Georgia’s new distracted driving law will take effect July 1 after Gov. Nathan Deal signs the “Hands-Free Georgia Act” into law on Wednesday, May 2.
It will be a crime to operate a phone with any part of the body while driving when House Bill 673 hits the streets in July — no more getting away with shooting that quick text at a light or skimming that email at 60 mph.
Fines start at $50 and increase depending on the number of violations.
“You can’t hold the phone in your hand and support it with your body, and furthermore you can’t record a video or watch a video, i.e. stream a video,” said Rep. John Carson, R-Marietta, the bill’s sponsor who also serves on the Georgia House Insurance Committee, on Tuesday, May 1.
In Georgia, it’s illegal to text behind the wheel, but drivers are allowed to dial and hold their phone, making it difficult for officers to tell when someone is simply making a call or sending a text.
At the least, distracted driving has been an irritant for drivers since smartphones became ubiquitous.
“How many times do you see in Gainesville somebody texting at a light and miss the green light or they’re holding up traffic because they’re not moving forward?” Carson said.
But at the worst, distracted driving can be deadly.
Gainesville Police Department Sgt. Kevin Holbrook told The Times earlier this year that distracted driving is “one of our leading contributing factors to crashes here in the city.”
The cost of distracted driving will be on display on Wednesday, when Deal will sign the bill at the Statesboro-Bulloch County Airport during a ceremony attended by the families of the five Georgia Southern nursing students killed by a tractor-trailer in 2015 on Interstate 16. The driver of the truck admitted to using his mobile phone to text prior to the crash but denied using it when the crash occurred. He was sentenced to five years in prison as part of a plea deal.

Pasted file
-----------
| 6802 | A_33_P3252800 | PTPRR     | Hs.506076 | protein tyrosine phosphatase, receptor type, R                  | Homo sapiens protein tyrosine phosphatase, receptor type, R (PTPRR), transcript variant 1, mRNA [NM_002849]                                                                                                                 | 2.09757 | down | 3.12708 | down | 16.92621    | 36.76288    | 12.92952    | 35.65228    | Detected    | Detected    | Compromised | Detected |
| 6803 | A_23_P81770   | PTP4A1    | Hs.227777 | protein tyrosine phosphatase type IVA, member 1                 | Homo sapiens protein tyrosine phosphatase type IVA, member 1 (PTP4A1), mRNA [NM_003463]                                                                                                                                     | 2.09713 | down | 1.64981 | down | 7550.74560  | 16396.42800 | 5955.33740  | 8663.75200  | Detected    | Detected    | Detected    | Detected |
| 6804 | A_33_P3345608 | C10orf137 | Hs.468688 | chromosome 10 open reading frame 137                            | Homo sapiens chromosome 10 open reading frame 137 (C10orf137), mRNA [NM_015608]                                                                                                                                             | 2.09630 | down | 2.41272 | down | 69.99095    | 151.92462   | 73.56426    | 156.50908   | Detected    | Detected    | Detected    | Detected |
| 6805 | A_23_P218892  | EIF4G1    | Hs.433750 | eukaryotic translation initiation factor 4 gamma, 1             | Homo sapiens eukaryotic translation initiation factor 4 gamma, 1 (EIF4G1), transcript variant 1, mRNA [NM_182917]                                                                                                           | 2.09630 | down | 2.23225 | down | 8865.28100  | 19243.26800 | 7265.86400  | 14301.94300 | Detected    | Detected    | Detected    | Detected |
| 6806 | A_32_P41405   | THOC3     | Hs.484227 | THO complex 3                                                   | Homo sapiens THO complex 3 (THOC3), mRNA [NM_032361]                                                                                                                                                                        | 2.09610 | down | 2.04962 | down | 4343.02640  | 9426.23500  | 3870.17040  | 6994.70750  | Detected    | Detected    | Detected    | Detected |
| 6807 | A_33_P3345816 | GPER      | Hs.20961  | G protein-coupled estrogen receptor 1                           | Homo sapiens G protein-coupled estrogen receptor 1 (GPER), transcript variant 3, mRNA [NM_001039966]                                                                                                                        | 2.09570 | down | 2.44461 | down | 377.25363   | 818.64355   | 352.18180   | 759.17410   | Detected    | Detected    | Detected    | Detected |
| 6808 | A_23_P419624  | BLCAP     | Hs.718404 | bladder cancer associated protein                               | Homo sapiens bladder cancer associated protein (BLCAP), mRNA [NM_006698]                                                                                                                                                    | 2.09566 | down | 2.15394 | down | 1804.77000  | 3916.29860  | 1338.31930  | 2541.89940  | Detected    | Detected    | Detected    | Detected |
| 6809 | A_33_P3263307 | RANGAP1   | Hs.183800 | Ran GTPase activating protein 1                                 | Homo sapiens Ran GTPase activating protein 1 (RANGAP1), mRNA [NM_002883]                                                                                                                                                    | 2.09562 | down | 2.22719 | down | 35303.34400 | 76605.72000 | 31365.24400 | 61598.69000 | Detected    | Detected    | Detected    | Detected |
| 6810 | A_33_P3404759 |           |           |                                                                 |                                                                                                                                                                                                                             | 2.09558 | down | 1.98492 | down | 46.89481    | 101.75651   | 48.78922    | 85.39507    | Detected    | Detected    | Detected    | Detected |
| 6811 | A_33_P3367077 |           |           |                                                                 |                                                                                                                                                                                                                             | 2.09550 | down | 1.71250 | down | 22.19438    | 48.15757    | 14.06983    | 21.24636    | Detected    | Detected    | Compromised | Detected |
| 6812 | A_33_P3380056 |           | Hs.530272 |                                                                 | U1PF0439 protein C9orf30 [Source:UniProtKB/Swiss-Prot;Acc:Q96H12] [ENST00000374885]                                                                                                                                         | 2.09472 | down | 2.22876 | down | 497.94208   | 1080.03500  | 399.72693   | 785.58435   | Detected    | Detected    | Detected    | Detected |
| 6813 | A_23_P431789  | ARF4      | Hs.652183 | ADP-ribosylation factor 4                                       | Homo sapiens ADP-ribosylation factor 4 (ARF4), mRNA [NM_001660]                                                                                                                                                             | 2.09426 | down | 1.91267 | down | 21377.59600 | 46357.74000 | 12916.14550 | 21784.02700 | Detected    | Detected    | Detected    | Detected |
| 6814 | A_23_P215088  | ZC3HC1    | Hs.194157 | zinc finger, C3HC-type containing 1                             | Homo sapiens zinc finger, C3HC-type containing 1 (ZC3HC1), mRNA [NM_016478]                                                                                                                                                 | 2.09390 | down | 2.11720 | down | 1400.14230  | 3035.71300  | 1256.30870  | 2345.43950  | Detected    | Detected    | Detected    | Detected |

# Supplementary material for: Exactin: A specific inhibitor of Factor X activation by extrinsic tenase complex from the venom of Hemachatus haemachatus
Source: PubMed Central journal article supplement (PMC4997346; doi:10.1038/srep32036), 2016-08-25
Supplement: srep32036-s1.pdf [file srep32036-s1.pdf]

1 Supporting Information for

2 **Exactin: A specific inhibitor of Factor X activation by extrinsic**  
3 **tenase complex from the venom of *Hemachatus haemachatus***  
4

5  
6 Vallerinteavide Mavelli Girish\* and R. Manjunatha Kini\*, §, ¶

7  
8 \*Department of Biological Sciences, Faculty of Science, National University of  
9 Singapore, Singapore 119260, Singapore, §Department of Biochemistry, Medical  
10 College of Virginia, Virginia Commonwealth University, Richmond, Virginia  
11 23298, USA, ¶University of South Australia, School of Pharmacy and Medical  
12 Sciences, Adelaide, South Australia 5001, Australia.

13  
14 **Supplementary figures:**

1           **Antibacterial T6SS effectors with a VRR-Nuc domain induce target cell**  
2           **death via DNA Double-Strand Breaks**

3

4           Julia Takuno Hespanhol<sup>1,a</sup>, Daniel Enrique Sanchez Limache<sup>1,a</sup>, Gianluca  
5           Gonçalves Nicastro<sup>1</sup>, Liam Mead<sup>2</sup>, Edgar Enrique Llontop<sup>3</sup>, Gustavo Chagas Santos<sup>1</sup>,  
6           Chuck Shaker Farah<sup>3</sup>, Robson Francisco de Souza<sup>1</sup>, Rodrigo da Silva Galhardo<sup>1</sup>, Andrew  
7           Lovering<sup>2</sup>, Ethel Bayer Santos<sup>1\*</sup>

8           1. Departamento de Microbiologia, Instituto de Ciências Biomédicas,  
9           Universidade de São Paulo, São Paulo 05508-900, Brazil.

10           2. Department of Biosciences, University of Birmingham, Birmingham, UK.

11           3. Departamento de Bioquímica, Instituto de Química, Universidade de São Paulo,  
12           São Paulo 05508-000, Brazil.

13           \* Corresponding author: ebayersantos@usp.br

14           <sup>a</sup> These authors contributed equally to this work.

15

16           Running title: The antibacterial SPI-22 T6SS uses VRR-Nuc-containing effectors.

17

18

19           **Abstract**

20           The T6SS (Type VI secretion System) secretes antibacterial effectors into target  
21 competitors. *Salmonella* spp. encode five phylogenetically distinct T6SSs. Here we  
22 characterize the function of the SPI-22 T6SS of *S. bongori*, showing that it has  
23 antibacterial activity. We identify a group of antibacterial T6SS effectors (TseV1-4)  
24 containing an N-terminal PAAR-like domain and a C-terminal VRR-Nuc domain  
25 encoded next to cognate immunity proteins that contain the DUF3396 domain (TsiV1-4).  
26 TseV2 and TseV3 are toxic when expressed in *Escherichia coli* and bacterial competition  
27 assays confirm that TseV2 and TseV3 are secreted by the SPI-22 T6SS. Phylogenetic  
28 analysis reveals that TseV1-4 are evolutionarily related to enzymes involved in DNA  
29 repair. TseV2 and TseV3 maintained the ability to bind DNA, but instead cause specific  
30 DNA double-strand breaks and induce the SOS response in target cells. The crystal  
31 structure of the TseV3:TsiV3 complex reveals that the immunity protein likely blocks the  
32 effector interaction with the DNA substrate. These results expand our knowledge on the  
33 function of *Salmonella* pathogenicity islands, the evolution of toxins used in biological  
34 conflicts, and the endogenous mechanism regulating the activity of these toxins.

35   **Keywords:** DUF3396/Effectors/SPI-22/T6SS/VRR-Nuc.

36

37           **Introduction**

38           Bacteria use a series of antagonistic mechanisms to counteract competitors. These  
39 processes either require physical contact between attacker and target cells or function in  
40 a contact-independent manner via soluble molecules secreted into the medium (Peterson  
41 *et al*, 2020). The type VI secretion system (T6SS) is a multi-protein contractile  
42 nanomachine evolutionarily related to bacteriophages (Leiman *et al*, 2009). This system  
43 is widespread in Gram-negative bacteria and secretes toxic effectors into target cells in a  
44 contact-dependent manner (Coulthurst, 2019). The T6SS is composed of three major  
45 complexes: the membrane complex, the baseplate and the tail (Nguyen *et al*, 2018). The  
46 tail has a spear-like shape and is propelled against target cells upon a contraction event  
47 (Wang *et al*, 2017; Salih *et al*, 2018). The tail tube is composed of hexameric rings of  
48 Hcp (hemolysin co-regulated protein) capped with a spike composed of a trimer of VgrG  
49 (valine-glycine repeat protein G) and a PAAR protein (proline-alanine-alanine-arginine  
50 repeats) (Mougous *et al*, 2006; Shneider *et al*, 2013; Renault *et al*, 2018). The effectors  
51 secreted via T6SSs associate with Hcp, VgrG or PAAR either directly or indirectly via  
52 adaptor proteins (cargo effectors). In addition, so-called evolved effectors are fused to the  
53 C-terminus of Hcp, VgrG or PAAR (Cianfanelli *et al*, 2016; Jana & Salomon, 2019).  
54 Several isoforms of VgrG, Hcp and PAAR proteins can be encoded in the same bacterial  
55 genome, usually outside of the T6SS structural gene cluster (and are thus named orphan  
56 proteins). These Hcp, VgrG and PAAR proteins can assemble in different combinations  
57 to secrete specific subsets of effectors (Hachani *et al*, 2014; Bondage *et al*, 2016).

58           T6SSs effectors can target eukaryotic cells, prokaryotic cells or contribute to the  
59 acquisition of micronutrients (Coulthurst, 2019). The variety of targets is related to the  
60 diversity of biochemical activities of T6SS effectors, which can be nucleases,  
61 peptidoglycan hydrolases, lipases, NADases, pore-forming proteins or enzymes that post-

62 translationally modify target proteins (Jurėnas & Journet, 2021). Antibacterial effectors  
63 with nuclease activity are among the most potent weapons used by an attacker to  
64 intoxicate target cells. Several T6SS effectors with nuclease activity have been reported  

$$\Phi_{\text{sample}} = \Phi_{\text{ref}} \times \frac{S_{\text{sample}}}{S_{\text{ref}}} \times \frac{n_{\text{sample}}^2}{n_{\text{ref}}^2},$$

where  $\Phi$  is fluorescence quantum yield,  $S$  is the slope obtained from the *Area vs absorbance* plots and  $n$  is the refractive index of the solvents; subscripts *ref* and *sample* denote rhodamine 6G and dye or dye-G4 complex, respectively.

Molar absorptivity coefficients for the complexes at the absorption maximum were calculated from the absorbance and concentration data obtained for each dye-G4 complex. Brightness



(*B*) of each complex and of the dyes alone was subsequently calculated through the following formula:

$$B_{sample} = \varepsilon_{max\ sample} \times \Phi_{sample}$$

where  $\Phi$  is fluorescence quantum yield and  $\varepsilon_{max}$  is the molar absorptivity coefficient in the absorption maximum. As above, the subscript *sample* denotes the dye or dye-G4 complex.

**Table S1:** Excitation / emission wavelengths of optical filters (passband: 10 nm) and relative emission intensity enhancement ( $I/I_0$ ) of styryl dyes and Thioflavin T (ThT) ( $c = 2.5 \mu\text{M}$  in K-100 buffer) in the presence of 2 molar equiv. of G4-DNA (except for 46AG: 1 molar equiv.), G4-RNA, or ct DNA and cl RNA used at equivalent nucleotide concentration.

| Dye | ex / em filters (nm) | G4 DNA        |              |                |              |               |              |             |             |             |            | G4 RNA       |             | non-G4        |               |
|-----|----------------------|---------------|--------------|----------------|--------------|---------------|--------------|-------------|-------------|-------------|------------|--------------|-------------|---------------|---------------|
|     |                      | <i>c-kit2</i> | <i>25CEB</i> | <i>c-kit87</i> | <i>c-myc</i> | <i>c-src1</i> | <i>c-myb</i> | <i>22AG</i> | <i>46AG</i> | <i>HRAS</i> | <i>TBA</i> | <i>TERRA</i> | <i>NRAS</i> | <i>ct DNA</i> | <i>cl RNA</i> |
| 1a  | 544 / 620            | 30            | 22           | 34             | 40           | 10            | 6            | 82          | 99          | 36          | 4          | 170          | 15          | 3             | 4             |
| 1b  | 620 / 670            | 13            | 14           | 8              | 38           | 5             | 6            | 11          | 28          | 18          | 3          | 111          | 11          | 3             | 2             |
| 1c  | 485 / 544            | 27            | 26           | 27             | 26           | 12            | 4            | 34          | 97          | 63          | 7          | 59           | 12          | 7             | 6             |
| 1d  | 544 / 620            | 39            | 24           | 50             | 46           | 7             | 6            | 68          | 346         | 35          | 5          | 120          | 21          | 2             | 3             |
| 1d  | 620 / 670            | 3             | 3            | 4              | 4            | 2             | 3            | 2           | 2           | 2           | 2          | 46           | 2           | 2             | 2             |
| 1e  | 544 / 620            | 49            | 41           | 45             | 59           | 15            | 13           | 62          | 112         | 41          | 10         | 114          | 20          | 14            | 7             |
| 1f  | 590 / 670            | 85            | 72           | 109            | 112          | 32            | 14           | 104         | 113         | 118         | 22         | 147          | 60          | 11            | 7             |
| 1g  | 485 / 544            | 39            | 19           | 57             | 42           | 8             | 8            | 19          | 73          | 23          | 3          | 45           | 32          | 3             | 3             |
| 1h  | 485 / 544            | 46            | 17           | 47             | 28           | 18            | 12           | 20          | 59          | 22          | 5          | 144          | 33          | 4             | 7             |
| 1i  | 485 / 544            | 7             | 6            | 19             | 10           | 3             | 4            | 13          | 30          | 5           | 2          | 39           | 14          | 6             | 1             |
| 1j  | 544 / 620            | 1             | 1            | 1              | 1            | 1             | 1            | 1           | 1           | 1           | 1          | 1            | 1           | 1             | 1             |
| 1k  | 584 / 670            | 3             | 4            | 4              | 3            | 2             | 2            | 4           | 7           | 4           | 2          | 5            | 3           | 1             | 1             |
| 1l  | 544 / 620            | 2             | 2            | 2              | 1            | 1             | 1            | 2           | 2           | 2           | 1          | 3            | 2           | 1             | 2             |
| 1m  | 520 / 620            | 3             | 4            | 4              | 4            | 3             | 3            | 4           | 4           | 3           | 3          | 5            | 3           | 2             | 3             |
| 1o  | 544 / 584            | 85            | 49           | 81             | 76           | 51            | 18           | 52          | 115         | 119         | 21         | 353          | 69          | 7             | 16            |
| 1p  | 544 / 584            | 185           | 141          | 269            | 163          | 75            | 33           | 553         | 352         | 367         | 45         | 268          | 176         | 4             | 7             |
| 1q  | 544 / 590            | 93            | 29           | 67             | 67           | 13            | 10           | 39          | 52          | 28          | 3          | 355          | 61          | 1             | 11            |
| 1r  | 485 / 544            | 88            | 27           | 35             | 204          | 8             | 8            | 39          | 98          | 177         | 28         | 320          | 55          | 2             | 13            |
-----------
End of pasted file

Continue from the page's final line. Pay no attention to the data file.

Short of causing injury and death, distracted driving is driving up Georgia’s car insurance costs.
“Insurance rates have increased dramatically all over the state, especially in the metro areas. We decided to look at that and go through a study committee, and … it kept coming back to distracted driving,” Carson said. “That can come in various forms, but I think we all know the vast majority of distracted driving is caused by electronic devices more than anything else.”
He noted there are more than 200 companies offering insurance plans in the state, and the increasing frequency of wrecks on Georgia roads is driving up costs for all of them. Higher costs for insurers have led more of them to offer “bundling” deals, where auto and home insurance are offered by the same company through the same plan.
“Most insurance companies are losing anywhere between 5 and 10 percent on auto policies and they make it up on home policies,” Carson said. “If we really want to have lower premiums, we’ve got to lower claims.”
And to lower claims, the state is taking aim at practically all use of mobile devices while driving. Drivers may no longer initiate a call while driving and must have a hands-free device or a dashboard mount in order to carry on a call.
The Georgia State Patrol and the Governor’s Office of Highway Safety plan a 90-day grace period for drivers beginning in July, during which drivers will be given warnings while a public information campaign advertises the changes in the law, Carson said.
At the local level, it’s not yet decided how law enforcement will handle enforcement in the law’s early days.
“The leadership in our department is still examining what approach the Sheriff’s Office will take when the law goes into effect this summer,” said Hall County Sheriff’s Office spokesman Derreck Booth.
Whether that means a grace period for drivers or fines beginning July 1 has yet to be determined by the county. Holbrook said the city will follow the plan set by Georgia State Patrol.
Carson said states that have adopted similar laws have seen decreases in traffic deaths.
“We’ve already tentatively seen a slight decrease in fatalities in our state, and I think it’s because people are paying more attention to what they’re doing,” he said. “The bottom line to this legislation is that it’s going to save lives.”